A Biography in 1,000 Players No. 24 Tom Seaver (Number 3 Pitcher)

One of the interesting things is as a 22-year-old rookie Tom Seaver won 16 games for a team that won 61 games total. He has 2 and a half times the WAR as the next player on the team. His second year he won 16 again and Jerry Koosman won 19. The team by 12 wins to 73. Somehow, they put it all together in Seaver’s third year and won the World Series after winning 100 games during the regular season. Seaver won the Cy Young award as the league’s best pitcher and 25 games during the regular season.

That started a streak of 8 out of 9 years getting Cy Young votes, winning two. In the year he didn’t get a vote in the Cy Young Award he had the best strike out to walk ratio in the league. He had two later years in his career where he got Cy Young votes making it 10 years in his career.

Tom was a very analytical player, wrote two books on pitching. He also wrote a book “How I Would Pitch to Babe Ruth”, where he would develop strategies about pitching against the great hitters of all time and have a pretend at bat against them. Then the book would have a short biography on each player.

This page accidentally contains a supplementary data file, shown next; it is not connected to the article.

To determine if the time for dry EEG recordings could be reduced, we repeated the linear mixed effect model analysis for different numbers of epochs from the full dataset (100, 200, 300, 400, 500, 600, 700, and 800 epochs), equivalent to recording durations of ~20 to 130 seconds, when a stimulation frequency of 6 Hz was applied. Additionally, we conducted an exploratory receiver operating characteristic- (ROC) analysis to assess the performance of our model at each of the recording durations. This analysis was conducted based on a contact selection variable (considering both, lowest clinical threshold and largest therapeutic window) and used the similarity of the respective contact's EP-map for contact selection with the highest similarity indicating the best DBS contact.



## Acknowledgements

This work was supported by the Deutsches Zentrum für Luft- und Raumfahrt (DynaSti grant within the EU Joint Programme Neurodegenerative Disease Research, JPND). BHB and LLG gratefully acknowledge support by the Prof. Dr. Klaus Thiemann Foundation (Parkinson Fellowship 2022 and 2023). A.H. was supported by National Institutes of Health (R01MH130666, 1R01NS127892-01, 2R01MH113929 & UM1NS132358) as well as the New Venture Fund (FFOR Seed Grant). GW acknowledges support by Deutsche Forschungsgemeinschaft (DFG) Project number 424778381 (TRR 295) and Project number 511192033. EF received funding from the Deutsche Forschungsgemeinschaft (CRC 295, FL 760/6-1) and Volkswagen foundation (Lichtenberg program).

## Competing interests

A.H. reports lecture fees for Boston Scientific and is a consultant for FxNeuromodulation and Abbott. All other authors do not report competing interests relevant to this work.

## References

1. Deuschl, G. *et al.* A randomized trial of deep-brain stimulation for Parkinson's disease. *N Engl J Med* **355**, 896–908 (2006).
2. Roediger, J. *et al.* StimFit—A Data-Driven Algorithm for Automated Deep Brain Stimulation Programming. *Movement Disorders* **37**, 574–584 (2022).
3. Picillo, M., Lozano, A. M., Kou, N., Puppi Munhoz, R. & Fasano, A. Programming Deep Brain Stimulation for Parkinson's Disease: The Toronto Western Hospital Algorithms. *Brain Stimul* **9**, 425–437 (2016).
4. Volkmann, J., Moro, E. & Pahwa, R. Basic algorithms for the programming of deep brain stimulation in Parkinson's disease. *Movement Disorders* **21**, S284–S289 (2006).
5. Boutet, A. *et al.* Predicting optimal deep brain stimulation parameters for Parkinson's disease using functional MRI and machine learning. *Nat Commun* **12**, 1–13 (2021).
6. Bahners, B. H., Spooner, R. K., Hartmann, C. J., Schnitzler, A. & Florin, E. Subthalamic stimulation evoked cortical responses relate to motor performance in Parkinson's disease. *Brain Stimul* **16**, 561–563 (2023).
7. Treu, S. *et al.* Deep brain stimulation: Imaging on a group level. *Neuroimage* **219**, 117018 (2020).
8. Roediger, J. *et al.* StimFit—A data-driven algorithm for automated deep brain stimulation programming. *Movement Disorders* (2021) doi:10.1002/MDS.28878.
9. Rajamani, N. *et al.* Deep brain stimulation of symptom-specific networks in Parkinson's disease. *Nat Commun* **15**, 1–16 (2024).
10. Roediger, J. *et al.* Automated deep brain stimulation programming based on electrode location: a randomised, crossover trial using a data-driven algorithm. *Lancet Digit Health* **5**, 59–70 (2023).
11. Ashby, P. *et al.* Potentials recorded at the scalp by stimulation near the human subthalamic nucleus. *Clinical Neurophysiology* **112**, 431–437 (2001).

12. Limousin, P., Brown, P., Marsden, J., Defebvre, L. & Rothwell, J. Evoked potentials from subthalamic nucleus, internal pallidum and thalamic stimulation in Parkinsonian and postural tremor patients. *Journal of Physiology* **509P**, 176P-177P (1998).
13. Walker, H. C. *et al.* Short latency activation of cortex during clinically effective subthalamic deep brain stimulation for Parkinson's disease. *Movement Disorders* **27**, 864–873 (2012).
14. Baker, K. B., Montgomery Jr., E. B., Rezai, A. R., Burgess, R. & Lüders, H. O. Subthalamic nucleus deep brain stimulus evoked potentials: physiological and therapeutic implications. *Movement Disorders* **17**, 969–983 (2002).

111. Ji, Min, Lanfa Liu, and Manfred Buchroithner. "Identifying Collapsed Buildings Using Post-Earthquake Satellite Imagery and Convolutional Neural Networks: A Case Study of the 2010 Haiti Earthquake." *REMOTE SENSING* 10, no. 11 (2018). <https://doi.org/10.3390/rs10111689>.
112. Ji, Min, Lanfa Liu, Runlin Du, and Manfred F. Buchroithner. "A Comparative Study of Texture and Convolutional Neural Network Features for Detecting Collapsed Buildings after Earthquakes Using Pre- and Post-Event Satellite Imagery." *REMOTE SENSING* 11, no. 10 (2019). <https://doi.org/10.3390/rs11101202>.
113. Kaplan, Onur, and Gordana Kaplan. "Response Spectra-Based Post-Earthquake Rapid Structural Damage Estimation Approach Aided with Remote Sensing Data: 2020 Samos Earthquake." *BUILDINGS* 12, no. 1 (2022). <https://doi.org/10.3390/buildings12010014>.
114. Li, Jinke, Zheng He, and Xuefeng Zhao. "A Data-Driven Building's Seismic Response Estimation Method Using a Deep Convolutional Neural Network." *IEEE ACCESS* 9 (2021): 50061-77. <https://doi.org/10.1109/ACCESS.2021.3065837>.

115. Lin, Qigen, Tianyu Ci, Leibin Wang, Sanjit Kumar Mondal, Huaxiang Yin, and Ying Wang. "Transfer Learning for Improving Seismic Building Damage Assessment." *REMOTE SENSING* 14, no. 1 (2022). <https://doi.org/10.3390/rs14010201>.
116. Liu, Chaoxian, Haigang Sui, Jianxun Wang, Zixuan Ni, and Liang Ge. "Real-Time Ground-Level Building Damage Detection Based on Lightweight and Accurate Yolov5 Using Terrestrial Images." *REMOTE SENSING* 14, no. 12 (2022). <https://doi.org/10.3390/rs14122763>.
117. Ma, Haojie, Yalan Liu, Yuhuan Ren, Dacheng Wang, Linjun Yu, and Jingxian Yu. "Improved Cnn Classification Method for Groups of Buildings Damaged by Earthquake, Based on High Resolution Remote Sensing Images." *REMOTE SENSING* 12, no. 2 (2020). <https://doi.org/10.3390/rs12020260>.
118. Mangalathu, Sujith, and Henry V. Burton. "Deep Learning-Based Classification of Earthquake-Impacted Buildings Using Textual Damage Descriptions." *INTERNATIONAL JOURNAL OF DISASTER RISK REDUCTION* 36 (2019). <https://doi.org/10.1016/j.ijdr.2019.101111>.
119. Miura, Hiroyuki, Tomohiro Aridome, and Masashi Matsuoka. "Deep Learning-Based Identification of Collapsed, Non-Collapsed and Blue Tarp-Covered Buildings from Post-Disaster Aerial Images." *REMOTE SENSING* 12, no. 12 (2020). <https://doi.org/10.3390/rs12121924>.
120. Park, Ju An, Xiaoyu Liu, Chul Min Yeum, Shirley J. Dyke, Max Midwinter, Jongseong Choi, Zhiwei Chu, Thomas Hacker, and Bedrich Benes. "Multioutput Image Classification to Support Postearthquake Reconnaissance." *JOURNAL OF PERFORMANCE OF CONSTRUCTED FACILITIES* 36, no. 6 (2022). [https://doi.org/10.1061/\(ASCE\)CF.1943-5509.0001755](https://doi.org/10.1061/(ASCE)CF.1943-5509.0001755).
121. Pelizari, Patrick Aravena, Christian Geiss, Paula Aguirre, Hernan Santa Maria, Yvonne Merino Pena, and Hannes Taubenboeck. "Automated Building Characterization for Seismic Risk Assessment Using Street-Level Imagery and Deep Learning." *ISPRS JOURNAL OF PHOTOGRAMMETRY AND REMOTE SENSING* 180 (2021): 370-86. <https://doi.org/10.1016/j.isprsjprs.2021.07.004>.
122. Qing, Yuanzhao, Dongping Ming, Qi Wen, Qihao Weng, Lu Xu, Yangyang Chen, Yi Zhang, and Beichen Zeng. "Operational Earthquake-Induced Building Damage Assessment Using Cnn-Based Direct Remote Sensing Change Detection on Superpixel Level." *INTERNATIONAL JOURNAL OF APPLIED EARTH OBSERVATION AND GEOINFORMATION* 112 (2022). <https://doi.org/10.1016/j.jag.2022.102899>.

He started for the Mets and pitched for them 10 and a half years. In his 11th year he was negotiating a new contract with the Mets. Dick Young at one time a good reporter sided with the Mets and wrote nasty stuff about Seaver. Seaver was willing to overlook this and was still negotiating with the team. Young then wrote about Seaver’s wife being jealous of Nolan Ryan’s wife as Ryan made more money than Seaver. Seaver ten demanded to be traded.

I had just graduated from High School and subscribed to the Sporting News. I read Dick Young’s articles. He was a solid writer. However, when I read this I was appalled. I thought to myself how can you print something like this it’s just gossip. I lost all respect to Dick Young then.  Tom Seaver was soon traded to the Reds. He and his wife Nancy are still married today. Tom unfortunately has dementia and no longer makes public appearances. But he was sure fun to watch pitch in his prime.

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Author: Douglas Byzewski

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